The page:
Step-by-Step Potty-Training Guidance


Potty-training is one of the major accomplishments of early youth. But before your child can learn it, he has to be both emotionally and emotionally prepared. Different kids are ready at different ages; the time has nothing to do with their intelligence, personality or motivation.

Potty-training involves putting together a set of individual skills in a particular order, such as having the ability to interpret the signals your body is giving you, undressing, with some control over your bowels and bladder, and washing your hands. Your child should have a few of these abilities mastered before starting potty-training, or you'll both become disappointed.

Here are three steps that could assist your child maximise his achievement.

Preparation

Get a potty. Many children feel more secure beginning with one that sits on the floor instead of one that sits on top of their bathroom. It's less frightening, and it provides them the security and balance that comes with having the ability to set their feet securely on the ground.

Place the potty in a location that's convenient to where your child spends most of his time. It does not have to be in the toilet; you can keep it in a corner of your playroom. Ease of access is important initially.

Let your child explore the potty and become familiar with it. Let him understand that it's special and it's only for him.

Learning

Have your child practise sitting on the potty with her clothes on once or twice a day. Let her catch up whenever she wants. Your goal is to help her be comfortable with it.

Stay upbeat. Remember this is her accomplishment, not yours.

Once she is comfortable sitting on the potty with her clothes on, have her laps sitting on it along with her clothing off. This helps her to become knowledgeable about the notion of removing her clothes before going to the bathroom. In addition, it lets her feel what the chair is like next to your own skin.

After a couple of days, as soon as your child has a bowel movement in her nappy, possess her opinion you put it into the potty so she can see where it ought to go. Explain to her that this is where wee and poo belong. (Kids this age are also mastering the idea that certain things go in certain areas.)

Search for signs that your child needs to urinate or move her intestines. Some children will tell you in a lot of words. Others are going to grimace or grunt or put to a particular position. When that occurs, ask her if she wants to click here go.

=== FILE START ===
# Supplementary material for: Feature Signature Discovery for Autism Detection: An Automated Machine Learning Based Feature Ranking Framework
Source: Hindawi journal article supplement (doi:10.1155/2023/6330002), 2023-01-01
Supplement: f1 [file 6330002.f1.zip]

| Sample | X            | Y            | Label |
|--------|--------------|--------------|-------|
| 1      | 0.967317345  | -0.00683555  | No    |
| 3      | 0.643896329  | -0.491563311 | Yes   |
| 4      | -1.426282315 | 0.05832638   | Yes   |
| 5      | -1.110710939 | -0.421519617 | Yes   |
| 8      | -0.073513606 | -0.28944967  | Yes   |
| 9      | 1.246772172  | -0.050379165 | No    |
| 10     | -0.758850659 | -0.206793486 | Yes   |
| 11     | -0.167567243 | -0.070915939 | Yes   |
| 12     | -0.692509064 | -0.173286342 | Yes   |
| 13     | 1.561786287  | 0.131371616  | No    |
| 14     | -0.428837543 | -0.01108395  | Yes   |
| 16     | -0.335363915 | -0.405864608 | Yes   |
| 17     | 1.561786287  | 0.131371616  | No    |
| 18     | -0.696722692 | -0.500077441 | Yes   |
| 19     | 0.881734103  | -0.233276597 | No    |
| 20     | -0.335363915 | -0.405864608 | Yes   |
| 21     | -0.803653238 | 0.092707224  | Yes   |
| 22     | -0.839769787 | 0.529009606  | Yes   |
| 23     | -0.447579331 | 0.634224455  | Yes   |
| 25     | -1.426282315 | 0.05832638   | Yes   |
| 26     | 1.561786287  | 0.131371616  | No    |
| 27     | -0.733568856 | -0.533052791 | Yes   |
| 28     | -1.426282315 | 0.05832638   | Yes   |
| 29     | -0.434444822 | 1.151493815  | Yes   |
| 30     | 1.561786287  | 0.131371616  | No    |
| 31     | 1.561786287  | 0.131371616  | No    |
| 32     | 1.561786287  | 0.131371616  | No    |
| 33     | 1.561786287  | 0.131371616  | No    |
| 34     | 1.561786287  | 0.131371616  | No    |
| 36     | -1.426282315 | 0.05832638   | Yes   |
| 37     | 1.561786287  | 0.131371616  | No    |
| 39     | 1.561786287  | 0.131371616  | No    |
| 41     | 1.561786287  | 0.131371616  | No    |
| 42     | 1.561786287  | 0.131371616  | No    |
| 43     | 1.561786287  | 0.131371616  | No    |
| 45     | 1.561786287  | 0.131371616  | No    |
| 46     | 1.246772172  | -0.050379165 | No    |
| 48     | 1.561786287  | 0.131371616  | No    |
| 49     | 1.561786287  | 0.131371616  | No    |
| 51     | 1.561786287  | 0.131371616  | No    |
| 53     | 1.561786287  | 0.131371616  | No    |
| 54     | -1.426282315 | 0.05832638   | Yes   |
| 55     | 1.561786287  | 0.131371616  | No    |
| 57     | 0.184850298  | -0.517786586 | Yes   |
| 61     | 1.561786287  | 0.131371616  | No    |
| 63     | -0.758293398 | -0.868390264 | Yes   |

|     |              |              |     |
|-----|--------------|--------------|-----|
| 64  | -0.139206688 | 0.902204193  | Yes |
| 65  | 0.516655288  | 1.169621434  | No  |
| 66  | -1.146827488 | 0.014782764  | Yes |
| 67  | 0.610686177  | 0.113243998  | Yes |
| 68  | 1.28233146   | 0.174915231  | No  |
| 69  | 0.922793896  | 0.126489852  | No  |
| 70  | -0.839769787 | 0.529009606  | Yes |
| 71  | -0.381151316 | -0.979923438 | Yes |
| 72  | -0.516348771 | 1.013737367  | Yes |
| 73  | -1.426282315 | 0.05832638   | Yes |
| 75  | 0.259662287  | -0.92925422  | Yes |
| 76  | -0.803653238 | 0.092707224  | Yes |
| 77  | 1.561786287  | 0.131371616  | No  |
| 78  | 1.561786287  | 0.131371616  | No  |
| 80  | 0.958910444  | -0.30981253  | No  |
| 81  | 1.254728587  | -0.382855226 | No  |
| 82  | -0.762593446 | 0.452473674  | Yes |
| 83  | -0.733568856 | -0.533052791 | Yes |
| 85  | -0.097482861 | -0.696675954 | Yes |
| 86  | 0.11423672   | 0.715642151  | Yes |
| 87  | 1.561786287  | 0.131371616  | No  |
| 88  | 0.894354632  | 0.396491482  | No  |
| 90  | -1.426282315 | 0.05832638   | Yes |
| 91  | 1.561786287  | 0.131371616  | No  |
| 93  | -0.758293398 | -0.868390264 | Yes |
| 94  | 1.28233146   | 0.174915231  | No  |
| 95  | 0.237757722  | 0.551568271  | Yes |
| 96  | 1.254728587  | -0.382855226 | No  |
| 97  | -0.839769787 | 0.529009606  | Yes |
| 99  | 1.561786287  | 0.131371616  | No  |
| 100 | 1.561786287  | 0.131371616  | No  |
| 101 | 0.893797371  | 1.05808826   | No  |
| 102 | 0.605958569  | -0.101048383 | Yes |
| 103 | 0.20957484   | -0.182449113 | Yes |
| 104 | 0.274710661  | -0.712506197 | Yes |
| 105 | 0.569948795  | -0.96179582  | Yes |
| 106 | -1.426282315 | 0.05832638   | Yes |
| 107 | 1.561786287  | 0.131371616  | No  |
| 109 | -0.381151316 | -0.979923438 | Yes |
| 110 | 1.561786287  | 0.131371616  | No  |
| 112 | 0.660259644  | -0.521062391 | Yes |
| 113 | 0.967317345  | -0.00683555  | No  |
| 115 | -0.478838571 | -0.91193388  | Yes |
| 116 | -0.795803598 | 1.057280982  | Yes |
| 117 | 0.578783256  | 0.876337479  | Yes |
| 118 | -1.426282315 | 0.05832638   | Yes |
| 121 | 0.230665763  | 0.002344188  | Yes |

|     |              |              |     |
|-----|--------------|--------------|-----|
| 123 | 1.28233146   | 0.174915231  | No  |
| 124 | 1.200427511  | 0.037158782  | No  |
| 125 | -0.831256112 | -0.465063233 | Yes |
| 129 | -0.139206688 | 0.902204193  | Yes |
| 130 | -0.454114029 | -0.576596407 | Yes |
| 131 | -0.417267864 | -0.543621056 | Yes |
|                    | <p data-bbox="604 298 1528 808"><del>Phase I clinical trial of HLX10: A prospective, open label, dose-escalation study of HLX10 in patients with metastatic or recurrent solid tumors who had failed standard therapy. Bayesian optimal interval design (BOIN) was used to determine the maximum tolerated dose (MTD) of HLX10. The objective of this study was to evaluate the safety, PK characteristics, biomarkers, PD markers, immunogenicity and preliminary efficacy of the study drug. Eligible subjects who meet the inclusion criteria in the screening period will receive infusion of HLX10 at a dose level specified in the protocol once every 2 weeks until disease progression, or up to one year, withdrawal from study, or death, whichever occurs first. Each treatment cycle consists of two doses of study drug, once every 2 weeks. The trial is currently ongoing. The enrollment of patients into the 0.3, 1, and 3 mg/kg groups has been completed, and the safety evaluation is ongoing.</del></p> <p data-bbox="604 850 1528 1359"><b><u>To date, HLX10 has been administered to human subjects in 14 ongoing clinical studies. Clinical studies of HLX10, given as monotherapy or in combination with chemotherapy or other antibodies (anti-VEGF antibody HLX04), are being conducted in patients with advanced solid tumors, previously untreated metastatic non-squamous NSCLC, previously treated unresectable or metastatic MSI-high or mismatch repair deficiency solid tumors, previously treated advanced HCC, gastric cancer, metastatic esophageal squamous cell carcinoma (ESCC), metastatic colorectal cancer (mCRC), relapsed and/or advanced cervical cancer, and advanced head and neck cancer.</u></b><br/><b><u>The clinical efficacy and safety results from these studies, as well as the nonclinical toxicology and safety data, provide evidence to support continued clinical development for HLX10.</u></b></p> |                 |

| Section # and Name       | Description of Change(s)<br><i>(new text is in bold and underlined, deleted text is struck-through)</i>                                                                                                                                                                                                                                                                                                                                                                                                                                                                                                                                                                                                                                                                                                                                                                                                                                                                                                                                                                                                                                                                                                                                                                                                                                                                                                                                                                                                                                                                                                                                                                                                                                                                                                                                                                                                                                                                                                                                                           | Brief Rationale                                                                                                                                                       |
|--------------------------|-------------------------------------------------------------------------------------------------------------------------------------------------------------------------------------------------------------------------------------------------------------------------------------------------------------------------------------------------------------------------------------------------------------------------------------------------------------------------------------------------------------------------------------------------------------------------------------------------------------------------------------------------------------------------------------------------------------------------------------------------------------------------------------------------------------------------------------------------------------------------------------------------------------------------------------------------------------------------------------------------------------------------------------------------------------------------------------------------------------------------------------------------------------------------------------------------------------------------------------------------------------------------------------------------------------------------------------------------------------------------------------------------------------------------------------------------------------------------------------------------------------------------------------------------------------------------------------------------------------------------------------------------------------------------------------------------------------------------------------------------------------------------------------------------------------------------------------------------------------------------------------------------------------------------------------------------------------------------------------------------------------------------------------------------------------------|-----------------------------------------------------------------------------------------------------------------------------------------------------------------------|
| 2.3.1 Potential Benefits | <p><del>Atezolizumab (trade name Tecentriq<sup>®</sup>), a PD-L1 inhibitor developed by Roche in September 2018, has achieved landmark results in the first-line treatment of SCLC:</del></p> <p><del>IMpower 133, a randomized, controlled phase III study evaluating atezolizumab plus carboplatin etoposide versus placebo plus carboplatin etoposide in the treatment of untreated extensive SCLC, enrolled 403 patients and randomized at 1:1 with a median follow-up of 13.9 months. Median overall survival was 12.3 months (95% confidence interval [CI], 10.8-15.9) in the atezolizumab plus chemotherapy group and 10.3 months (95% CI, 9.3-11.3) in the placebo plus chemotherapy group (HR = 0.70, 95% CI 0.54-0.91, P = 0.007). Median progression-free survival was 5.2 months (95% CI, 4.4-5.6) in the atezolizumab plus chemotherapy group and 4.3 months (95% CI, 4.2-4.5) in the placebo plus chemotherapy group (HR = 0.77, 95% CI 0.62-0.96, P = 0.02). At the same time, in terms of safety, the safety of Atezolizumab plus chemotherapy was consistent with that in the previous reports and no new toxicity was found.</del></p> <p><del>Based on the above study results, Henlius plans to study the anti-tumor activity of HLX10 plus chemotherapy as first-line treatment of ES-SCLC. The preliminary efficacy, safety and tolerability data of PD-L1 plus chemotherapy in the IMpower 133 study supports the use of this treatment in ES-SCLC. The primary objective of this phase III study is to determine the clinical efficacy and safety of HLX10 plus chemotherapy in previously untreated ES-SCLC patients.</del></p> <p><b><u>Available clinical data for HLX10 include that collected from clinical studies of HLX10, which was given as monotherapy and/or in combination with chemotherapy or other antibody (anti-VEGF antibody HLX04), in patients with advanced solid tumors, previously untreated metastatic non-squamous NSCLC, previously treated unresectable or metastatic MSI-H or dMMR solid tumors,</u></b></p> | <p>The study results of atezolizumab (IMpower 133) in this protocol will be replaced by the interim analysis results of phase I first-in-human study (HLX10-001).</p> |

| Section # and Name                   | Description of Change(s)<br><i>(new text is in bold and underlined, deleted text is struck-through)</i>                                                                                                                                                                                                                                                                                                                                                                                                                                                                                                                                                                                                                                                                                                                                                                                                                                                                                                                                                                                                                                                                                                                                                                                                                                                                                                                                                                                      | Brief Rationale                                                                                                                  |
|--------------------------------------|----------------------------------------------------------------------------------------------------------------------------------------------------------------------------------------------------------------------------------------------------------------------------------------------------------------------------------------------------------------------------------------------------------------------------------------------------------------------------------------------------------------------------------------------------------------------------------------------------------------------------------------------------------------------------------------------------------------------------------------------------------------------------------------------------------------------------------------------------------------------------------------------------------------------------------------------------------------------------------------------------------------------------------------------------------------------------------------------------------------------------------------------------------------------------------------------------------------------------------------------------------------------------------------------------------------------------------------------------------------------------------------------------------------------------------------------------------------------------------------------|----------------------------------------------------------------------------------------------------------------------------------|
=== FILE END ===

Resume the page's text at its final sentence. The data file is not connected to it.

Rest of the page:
Let her sit on her dressing in the same time, if it is in the restroom. It's easier for boys should they learn to urinate while sitting down. Should they start by standing up, sometimes they'll resist sitting down to have a bowel movement; it is too confusing.

Have her practise washing her hands with soap and water each time she gets off the potty, even though she does not do anything.

Keep your child in easy-to-remove clothing, such as pants she can pull down without needing to unbutton anything, or a dress or skirt. That increases the likelihood of success. Otherwise, start by letting her run around the home for a couple days without any trousers on. Offer to remind her every hour to try using the potty. This will help her learn to translate the signs her body is contributing to her.

This way your child will have consistent expectations and support, which will make things easier.

Never leave your child in wet or soiled nappies as a way of 'training' her. That only makes things worse.

Reinforcement

Give your child a great deal of praise at every stage of learning. It's also a great idea to praise him whenever he tells you he has to use the potty, even if you've just asked him the question.

Expect him to make errors, especially initially. Do not become angry; that will just make things take longer. If he resists trying something new, it probably means he isn't ready yet.

When your child has been effective for a few days, start making the change to underwear. Let your kid's response steer you in how fast you make the shift.

Remember that some young children are frightened by the sound and actions of a flushing toilet. If he's bothered by it, don't force him to flush; do it after he leaves the room. That fear generally goes away in a month or two.

Be consistent with training, preparation and reinforcement, and you'll be amazed how soon you'll eliminate those nappies once and for all!

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